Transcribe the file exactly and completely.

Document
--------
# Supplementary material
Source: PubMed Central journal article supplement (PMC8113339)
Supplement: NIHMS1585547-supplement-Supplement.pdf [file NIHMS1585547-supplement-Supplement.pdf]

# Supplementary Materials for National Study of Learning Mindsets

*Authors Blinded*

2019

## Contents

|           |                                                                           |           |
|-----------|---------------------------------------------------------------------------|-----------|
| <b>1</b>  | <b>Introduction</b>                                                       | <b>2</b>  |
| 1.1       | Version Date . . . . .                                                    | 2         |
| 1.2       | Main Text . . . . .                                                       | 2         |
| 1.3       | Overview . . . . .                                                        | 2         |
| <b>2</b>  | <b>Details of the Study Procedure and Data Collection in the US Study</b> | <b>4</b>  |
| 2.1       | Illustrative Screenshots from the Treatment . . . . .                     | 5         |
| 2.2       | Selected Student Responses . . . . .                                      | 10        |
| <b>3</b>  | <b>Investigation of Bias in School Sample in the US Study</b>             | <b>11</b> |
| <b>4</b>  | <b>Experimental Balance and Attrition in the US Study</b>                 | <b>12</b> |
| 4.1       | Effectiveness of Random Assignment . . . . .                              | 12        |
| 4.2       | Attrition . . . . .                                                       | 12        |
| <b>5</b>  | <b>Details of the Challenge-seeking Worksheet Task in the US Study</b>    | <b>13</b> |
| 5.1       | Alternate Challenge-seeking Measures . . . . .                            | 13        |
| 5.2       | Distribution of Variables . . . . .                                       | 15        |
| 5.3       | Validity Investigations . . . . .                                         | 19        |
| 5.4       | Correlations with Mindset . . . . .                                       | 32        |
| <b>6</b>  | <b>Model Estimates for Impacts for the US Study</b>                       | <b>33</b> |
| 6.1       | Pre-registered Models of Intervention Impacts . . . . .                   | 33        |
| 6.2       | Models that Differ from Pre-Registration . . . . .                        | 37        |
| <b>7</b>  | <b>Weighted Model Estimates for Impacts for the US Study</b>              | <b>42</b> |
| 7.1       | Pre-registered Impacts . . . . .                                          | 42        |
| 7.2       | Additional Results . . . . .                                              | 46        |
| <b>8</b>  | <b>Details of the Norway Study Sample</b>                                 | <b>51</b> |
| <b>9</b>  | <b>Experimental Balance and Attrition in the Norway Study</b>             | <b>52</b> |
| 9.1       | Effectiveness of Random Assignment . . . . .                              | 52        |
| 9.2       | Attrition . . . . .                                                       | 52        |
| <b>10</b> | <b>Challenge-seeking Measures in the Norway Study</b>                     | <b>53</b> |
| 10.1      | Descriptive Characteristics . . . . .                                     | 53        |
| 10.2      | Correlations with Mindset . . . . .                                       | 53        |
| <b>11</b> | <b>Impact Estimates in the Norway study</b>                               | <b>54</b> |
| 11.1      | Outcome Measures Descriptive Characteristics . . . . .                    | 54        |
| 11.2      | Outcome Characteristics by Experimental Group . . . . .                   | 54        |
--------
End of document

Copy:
# Supplementary material
Source: PubMed Central journal article supplement (PMC8113339)
Supplement: NIHMS1585547-supplement-Supplement.pdf [file NIHMS1585547-supplement-Supplement.pdf]

# Supplementary Materials for National Study of Learning Mindsets

*Authors Blinded*

2019

## Contents

|           |                                                                           |           |
|-----------|---------------------------------------------------------------------------|-----------|
| <b>1</b>  | <b>Introduction</b>                                                       | <b>2</b>  |
| 1.1       | Version Date . . . . .                                                    | 2         |
| 1.2       | Main Text . . . . .                                                       | 2         |
| 1.3       | Overview . . . . .                                                        | 2         |
| <b>2</b>  | <b>Details of the Study Procedure and Data Collection in the US Study</b> | <b>4</b>  |
| 2.1       | Illustrative Screenshots from the Treatment . . . . .                     | 5         |
| 2.2       | Selected Student Responses . . . . .                                      | 10        |
| <b>3</b>  | <b>Investigation of Bias in School Sample in the US Study</b>             | <b>11</b> |
| <b>4</b>  | <b>Experimental Balance and Attrition in the US Study</b>                 | <b>12</b> |
| 4.1       | Effectiveness of Random Assignment . . . . .                              | 12        |
| 4.2       | Attrition . . . . .                                                       | 12        |
| <b>5</b>  | <b>Details of the Challenge-seeking Worksheet Task in the US Study</b>    | <b>13</b> |
| 5.1       | Alternate Challenge-seeking Measures . . . . .                            | 13        |
| 5.2       | Distribution of Variables . . . . .                                       | 15        |
| 5.3       | Validity Investigations . . . . .                                         | 19        |
| 5.4       | Correlations with Mindset . . . . .                                       | 32        |
| <b>6</b>  | <b>Model Estimates for Impacts for the US Study</b>                       | <b>33</b> |
| 6.1       | Pre-registered Models of Intervention Impacts . . . . .                   | 33        |
| 6.2       | Models that Differ from Pre-Registration . . . . .                        | 37        |
| <b>7</b>  | <b>Weighted Model Estimates for Impacts for the US Study</b>              | <b>42</b> |
| 7.1       | Pre-registered Impacts . . . . .                                          | 42        |
| 7.2       | Additional Results . . . . .                                              | 46        |
| <b>8</b>  | <b>Details of the Norway Study Sample</b>                                 | <b>51</b> |
| <b>9</b>  | <b>Experimental Balance and Attrition in the Norway Study</b>             | <b>52</b> |
| 9.1       | Effectiveness of Random Assignment . . . . .                              | 52        |
| 9.2       | Attrition . . . . .                                                       | 52        |
| <b>10</b> | <b>Challenge-seeking Measures in the Norway Study</b>                     | <b>53</b> |
| 10.1      | Descriptive Characteristics . . . . .                                     | 53        |
| 10.2      | Correlations with Mindset . . . . .                                       | 53        |
| <b>11</b> | <b>Impact Estimates in the Norway study</b>                               | <b>54</b> |
| 11.1      | Outcome Measures Descriptive Characteristics . . . . .                    | 54        |
| 11.2      | Outcome Characteristics by Experimental Group . . . . .                   | 54        |